Application-form filling and the dreaded Personal Statement. Lots of candidates get into a right old state about this. That they should know why they want to be an actor often comes as a complete surprise. The fact that they are also required to articulate this – without anyone laughing at them – can and does induce panic. People often end up writing effusive gibberish. Someone who has thought things through will be capable of stating clearly, and without cliché, why they want to go to drama school and what they want from their training.

While all this is in progress, speeches need to be found. Most people will assume the bare minimum of three (one modern, one contrasting classical and a classical back-up) will get them through okay. I reckon on a bare minimum of five. This is a crucial process and, for a determined applicant, there are no short cuts.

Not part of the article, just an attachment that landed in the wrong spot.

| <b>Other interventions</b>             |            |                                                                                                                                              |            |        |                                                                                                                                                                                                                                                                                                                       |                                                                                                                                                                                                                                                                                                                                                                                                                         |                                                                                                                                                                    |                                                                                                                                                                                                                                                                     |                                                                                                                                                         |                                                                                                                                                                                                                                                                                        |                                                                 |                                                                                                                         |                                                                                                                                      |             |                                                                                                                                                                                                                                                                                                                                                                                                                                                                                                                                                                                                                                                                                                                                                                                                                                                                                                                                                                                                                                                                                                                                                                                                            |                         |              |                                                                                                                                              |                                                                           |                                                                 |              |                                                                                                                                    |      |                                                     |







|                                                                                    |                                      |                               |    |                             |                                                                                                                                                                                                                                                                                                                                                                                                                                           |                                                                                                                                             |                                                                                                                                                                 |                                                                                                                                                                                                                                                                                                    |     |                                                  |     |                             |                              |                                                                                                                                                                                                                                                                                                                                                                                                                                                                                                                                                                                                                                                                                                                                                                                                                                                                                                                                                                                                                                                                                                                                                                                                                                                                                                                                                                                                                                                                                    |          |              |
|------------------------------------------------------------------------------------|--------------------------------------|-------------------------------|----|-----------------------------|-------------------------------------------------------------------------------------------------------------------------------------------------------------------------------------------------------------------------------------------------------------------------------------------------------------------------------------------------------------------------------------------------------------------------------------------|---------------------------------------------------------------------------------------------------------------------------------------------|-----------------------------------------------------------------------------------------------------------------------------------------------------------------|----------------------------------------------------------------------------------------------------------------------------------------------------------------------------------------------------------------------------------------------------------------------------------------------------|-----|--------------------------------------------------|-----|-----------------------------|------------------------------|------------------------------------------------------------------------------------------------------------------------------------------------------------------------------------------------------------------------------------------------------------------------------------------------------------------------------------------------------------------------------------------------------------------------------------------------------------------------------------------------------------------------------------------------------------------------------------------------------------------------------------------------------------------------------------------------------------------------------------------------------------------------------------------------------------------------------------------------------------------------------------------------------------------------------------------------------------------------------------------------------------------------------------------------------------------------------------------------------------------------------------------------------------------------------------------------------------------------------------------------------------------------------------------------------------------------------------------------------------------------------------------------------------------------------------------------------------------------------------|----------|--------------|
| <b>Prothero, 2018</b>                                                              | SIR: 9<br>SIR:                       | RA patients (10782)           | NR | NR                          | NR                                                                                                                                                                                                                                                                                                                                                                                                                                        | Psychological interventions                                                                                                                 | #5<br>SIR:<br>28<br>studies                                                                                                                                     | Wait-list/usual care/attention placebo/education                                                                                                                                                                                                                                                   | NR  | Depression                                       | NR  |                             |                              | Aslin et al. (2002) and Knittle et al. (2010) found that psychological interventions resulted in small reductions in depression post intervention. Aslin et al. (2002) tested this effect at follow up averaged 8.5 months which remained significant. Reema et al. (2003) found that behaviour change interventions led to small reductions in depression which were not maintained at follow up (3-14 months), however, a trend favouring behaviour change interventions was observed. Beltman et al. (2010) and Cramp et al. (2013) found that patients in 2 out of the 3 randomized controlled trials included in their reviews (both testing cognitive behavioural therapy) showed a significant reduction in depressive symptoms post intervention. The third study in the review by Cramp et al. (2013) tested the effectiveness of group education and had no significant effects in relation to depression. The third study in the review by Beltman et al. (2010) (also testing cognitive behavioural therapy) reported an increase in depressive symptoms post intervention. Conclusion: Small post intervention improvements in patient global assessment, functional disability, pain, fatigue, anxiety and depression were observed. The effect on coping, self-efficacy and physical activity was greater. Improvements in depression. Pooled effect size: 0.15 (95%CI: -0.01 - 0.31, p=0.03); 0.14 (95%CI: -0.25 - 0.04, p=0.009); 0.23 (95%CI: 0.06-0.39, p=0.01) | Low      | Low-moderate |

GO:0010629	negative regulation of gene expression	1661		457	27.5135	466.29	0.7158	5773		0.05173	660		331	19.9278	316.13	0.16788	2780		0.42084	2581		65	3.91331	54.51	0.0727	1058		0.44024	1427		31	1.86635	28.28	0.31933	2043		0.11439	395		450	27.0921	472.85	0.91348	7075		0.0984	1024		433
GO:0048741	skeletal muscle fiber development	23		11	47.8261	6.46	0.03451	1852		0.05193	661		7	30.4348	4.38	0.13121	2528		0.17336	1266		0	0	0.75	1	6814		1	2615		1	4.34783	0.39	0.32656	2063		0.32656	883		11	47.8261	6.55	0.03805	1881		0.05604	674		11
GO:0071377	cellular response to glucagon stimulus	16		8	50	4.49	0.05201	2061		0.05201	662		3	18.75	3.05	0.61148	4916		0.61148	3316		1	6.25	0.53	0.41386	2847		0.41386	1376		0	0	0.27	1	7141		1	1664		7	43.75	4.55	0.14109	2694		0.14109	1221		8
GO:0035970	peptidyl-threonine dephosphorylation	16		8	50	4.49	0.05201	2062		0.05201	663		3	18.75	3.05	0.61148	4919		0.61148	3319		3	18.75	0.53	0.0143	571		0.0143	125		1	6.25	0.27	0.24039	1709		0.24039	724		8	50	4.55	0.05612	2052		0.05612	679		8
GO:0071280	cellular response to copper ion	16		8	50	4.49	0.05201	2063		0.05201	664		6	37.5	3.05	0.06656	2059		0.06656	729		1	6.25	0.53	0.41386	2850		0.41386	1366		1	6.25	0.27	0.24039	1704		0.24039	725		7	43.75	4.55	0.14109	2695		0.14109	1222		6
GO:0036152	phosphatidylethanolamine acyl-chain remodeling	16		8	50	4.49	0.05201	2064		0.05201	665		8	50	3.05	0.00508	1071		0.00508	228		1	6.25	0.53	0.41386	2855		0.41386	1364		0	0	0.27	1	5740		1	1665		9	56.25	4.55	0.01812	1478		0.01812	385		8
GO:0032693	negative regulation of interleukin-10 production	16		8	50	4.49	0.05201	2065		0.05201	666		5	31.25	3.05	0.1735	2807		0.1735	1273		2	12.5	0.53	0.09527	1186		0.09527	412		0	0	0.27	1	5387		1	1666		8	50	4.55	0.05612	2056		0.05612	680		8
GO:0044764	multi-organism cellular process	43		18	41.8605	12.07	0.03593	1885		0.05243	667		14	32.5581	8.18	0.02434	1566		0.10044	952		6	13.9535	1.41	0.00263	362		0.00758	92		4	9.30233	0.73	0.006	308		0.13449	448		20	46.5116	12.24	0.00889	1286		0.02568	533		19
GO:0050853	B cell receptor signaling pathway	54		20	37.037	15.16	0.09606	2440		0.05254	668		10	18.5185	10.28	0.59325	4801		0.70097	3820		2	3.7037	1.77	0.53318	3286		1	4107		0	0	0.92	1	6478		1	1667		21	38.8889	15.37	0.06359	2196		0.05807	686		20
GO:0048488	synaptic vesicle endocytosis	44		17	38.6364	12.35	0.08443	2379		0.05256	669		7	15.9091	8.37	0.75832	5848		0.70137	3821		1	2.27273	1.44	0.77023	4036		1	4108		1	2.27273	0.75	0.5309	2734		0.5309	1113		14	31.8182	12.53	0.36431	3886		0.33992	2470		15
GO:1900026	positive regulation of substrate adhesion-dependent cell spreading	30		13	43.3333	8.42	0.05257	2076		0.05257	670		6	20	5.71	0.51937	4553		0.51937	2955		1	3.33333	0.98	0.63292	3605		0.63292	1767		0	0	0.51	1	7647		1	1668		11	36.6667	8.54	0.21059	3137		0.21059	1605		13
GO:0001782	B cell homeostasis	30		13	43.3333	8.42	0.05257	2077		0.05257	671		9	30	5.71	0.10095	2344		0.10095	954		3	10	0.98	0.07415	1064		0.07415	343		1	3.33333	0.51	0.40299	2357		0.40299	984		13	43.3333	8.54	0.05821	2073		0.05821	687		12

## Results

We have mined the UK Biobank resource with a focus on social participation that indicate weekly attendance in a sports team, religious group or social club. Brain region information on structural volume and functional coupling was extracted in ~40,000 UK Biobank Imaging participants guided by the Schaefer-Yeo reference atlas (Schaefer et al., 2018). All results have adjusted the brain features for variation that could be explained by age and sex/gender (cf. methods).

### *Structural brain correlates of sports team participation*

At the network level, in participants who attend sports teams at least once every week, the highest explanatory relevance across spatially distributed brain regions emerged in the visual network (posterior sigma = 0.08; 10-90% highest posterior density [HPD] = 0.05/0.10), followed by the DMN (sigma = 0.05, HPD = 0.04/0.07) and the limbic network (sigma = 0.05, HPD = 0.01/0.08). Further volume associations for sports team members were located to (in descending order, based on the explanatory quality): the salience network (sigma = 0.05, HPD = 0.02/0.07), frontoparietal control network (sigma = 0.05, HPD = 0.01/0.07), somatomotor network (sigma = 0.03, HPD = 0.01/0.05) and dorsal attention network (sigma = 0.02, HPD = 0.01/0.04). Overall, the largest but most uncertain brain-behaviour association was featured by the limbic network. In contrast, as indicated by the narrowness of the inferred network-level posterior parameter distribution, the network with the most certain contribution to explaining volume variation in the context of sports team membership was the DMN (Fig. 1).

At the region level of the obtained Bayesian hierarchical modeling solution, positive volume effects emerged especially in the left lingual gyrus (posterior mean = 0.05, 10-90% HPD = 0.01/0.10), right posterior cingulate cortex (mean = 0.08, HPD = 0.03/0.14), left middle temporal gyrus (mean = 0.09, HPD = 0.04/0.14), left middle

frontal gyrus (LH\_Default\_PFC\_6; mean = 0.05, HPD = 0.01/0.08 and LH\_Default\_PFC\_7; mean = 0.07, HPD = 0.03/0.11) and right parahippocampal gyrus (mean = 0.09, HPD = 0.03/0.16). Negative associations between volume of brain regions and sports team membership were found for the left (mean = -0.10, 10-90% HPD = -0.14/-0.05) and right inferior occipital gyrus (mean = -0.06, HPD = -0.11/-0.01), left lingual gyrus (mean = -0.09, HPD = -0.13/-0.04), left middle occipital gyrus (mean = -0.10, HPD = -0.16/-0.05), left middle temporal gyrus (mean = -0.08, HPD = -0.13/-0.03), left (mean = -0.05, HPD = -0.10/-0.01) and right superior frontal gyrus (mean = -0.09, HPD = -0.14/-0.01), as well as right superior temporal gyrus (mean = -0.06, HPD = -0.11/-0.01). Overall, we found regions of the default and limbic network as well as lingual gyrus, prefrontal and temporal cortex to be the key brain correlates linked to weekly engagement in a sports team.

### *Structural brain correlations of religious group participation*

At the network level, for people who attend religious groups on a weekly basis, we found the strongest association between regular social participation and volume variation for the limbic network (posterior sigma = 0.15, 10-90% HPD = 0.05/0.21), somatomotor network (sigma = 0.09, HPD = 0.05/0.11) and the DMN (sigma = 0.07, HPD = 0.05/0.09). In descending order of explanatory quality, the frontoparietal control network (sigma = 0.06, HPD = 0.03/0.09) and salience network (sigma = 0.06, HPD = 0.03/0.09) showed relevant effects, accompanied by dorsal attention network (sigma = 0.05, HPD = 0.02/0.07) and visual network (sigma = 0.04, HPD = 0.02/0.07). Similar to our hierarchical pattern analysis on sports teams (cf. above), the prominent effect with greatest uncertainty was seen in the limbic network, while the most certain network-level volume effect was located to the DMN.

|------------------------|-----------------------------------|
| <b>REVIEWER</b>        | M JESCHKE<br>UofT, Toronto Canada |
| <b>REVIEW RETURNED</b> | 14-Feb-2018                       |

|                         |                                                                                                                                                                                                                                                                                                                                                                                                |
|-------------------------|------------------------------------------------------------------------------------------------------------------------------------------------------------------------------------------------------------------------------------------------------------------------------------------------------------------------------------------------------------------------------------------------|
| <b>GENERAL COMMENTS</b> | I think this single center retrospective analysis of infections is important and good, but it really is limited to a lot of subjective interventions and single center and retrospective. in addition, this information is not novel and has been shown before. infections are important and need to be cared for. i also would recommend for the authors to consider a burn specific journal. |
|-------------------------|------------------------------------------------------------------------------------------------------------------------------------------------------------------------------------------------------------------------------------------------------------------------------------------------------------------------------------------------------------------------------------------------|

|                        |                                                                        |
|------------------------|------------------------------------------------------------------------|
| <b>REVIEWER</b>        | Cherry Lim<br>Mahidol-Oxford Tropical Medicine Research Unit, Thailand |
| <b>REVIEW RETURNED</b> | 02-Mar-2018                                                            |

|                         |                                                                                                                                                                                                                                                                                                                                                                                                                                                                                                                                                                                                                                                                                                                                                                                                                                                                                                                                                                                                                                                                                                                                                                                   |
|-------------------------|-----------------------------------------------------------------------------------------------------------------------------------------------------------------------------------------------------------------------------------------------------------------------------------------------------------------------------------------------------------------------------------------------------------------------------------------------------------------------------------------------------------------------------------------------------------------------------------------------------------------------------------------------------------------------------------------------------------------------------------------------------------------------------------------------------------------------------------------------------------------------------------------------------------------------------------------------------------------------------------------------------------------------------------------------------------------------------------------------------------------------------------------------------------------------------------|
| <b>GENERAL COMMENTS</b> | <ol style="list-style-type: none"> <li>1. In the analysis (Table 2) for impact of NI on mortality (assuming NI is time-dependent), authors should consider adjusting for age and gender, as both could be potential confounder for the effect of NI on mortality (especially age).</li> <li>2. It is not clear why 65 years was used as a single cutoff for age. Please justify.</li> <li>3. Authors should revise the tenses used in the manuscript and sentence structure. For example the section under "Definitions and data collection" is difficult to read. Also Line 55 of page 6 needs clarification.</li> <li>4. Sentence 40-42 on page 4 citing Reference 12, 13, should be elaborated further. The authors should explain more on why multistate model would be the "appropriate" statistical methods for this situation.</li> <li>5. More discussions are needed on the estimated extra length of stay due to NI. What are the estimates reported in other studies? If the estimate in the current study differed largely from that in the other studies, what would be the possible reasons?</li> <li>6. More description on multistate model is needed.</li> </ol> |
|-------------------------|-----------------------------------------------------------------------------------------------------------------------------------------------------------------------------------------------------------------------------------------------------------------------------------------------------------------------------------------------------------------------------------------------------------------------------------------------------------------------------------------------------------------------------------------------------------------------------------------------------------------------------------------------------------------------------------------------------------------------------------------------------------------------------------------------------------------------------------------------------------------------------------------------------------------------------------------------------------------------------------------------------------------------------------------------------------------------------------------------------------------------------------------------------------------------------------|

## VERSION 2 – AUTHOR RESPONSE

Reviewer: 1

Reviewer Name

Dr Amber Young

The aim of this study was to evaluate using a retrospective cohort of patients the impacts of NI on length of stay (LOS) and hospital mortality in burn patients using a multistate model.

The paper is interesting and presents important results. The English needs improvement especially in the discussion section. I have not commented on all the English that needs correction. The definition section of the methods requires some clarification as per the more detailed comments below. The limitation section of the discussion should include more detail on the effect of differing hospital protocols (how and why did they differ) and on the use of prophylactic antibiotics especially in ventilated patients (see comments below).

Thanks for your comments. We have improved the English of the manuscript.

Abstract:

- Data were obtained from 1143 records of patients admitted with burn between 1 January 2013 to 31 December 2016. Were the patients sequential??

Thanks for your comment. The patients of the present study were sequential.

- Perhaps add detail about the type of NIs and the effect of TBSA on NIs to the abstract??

Exploration and rehearsal of possible choices needs to start as soon as possible and in conjunction with the things I have listed above. Starting work on audition pieces can be scary, especially for a student working on their own; scary because she or he is alone and, therefore, prone to anxiety and the judgements of the various demons who come out to play at this juncture. Anxiety about getting it ‘right’ or about getting into drama school will make a student desperate to look, sound and feel ‘right’ – i.e. like they are ‘acting’. They want to make the perfect piece straight away, without any exploration of possibility.

A thorough, anxiety-free (as far as is possible) and creative student will not merely choose a text, learn words, concoct character, do acting and expect to be ‘good’.